Brookline gets a trackless trolley

Going nowhere fast in Coolidge Corner. Photo by Gina TomaineGoing nowhere fast in Coolidge Corner. Photo by Gina Tomaine.

Unfortunately, it was a regular trolley that slipped off its tracks at Coolidge Corner, around 10:30 a.m. The good news is that no one was injured and that it happened after rush hour. The bad news is that people who do want to get somewhere between Cleveland Circle and Kenmore now have to take a shuttle bus - or walk over the B or D lines.

Trolley wants to get back on track. Photo by Roar of the Tigers.Trolley wants to get back on track. Photo by Roar of the Tigers.



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So, the "trolley problem"

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in the T alerts was really a derailment. Glad that "improved" alert system (that management wasted money they don't have on) is working so well in informing passengers as to exactly what is happening.

The Type 8s were a terrible

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The Type 8s were a terrible idea.

Wheelchair accessibility is a worthy goal. But there had to be a better way of achieving it than the screwy design of the Type 8s, which is prone to derailment, makes most people climb up to enter the front door and then down to get to the rest of the train, and generally has an interior design that's an afterthought.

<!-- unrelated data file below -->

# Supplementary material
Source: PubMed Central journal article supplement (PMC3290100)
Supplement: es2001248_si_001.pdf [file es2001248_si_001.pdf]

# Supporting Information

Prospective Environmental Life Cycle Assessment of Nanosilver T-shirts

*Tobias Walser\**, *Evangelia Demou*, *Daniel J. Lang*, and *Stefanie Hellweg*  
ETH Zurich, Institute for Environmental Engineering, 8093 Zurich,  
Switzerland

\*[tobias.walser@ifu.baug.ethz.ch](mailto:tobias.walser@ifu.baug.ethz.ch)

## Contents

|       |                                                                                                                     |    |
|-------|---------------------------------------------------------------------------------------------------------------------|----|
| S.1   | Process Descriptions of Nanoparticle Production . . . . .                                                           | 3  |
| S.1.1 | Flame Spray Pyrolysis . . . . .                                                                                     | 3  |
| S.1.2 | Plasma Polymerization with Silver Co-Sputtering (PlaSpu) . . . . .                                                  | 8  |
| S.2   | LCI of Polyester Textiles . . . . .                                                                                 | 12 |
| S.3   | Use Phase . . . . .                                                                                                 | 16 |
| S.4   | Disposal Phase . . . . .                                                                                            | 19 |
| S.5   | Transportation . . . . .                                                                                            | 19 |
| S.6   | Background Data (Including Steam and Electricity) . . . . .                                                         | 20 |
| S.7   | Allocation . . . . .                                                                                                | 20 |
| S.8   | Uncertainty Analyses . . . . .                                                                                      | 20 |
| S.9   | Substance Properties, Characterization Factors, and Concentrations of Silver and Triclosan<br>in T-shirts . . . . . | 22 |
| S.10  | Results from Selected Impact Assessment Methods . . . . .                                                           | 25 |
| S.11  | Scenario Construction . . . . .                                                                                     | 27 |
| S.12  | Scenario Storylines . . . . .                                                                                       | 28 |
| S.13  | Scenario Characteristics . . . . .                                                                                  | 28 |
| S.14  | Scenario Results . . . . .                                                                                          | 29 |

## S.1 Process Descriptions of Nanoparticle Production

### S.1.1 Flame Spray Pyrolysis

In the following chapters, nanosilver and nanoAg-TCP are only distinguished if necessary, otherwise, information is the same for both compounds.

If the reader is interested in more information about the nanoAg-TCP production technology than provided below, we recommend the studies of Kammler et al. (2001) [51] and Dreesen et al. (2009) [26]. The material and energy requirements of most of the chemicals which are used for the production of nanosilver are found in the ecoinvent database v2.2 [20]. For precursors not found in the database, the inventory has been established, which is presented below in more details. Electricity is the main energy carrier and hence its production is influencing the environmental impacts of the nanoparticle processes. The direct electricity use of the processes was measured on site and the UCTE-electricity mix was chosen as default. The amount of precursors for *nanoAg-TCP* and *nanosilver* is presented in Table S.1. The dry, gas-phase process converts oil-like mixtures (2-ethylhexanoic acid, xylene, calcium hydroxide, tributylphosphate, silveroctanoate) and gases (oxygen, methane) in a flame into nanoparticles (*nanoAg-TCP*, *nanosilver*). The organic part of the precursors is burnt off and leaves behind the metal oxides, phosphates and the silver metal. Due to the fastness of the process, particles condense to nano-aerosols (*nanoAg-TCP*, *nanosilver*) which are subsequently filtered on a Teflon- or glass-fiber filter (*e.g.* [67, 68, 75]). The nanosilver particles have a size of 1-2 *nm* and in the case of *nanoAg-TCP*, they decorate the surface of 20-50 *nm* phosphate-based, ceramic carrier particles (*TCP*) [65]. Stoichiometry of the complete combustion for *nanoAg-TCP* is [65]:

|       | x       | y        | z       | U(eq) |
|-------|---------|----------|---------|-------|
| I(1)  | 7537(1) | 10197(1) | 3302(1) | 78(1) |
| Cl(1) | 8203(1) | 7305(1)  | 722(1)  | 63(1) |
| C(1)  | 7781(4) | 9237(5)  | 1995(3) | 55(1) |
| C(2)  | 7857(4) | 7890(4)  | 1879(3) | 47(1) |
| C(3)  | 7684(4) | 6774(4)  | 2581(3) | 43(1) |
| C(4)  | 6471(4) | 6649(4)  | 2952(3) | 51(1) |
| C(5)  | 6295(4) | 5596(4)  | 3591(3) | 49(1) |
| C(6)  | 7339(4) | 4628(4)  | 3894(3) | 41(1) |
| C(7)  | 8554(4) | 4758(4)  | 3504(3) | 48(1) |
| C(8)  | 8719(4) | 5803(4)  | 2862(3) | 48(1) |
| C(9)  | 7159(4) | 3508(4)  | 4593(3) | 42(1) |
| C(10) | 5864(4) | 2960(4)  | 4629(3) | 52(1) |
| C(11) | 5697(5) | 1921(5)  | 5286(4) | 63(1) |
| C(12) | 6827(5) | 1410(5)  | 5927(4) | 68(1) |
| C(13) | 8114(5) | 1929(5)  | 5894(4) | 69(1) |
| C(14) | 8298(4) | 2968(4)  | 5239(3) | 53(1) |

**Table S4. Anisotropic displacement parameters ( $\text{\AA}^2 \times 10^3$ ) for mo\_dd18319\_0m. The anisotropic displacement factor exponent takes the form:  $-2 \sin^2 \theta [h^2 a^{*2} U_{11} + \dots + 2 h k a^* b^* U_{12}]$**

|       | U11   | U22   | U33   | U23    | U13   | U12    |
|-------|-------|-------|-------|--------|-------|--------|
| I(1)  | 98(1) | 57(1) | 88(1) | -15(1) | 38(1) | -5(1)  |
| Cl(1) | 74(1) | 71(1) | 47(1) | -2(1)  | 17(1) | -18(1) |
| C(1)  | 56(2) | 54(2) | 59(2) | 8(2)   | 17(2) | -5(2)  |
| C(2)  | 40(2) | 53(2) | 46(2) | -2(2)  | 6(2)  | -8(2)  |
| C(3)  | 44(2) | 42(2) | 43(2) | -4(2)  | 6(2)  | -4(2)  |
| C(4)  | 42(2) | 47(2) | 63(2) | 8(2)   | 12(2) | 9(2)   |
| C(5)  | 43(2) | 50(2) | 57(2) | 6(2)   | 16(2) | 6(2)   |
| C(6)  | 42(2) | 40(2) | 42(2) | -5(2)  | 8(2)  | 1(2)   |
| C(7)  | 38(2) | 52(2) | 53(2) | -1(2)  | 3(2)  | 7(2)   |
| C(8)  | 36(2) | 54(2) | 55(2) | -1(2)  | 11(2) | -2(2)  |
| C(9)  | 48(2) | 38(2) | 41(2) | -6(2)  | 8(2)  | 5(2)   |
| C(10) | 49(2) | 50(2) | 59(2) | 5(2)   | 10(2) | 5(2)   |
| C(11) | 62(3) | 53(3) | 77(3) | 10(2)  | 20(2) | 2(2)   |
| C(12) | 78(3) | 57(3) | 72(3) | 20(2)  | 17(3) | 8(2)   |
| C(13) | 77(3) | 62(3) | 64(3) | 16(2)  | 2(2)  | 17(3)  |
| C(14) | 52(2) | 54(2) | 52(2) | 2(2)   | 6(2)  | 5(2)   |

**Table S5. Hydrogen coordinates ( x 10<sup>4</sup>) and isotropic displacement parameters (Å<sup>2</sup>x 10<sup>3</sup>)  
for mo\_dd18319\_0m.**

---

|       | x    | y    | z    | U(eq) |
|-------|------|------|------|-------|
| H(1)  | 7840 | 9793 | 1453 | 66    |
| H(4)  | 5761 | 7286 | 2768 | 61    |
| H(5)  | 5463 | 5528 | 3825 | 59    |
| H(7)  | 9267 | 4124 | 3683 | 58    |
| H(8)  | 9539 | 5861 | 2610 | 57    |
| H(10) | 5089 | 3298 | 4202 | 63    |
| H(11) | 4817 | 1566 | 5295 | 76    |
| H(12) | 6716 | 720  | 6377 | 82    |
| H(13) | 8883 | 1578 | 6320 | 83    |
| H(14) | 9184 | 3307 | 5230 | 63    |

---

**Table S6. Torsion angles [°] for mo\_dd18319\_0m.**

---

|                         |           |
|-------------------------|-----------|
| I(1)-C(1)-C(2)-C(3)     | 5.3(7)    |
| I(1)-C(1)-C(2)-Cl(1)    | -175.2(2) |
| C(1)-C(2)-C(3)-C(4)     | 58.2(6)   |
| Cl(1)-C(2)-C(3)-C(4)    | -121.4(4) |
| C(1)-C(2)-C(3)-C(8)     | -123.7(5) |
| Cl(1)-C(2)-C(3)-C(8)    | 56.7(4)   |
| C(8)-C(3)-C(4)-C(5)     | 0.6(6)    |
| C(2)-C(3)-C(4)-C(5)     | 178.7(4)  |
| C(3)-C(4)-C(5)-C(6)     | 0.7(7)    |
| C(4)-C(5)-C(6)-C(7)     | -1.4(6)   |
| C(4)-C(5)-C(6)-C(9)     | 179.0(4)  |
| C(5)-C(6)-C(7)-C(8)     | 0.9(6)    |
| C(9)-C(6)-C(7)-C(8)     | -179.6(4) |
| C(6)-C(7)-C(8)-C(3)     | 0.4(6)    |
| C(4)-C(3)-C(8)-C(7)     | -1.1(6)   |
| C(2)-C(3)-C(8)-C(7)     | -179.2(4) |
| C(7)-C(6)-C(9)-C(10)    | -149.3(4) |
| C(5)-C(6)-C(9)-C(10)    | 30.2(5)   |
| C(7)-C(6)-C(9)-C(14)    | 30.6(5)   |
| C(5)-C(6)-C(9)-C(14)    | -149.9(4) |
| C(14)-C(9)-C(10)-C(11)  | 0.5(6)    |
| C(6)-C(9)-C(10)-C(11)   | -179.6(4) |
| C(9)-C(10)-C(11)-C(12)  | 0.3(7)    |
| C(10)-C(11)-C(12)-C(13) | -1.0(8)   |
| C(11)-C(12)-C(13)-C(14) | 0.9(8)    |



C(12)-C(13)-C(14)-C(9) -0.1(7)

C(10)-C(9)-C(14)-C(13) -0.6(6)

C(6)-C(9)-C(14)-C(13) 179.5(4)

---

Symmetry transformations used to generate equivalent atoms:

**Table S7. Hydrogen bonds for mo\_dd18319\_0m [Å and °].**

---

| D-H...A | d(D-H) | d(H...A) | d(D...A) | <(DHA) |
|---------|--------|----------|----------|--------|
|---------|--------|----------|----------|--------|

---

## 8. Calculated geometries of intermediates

Why can't we use off-the-shelf fully-low-floor trolleys, like other cities do, even in the U.S.?


Type 9

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I think they've learned from the disaster and will choose a better vendor (*cough*KinkiSharyo) for the Type 9 order that will be upcoming sometime this decade.

But the reason we can't use "off-the-shelf"* trolleys is because there are a few pinch points in the tunnels which need to be fixed first. Some pain and spending up-front, to fix those, could result in big, long term cost savings. But to do that would take foresight and vision, and abandonment of the "special and unique" attitude at the T.

*Nothing is really "off-the-shelf" but there's some common, tested designs like Kinki's AmeriTram that could save us a lot of money and suffering.

The center truck (the wheel

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The center truck (the wheel assemblies) derailed coming out of the switch but it didn't "split the switch" since the second photo shows the lead and rear trucks made it though the switch O.K., and the Type 7 it is coupled to is still on the switch. A split switch means the front of the car goes one way and the rear of the car goes the other. Since it was being crossed back, the train was probably already "disabled" before the derailment. If the original problem was locked brakes on the center truck (just a guess on my part) that could have contributed to or caused the derailment as the car went over the switch.

Most likely, the train was being crossed

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back as one of the MBTA's infamous "headway adjustments". If the train was already disabled, it would have been continued outbound to the storge area at Cleveland Circle.


That depends

I'm not sure we know which way this train was heading. Was it going east and the crossed it over to head west? Or was it heading west and being turned east? If the former, it was likely a disabled train. If it was the latter, it was a schedule adjustment.



I saw a silver line bus headed up Commonwealth Ave from Kenmore Sq along the B-Line. Maybe the driver was getting his green lines crossed? (That would be a bad switch...)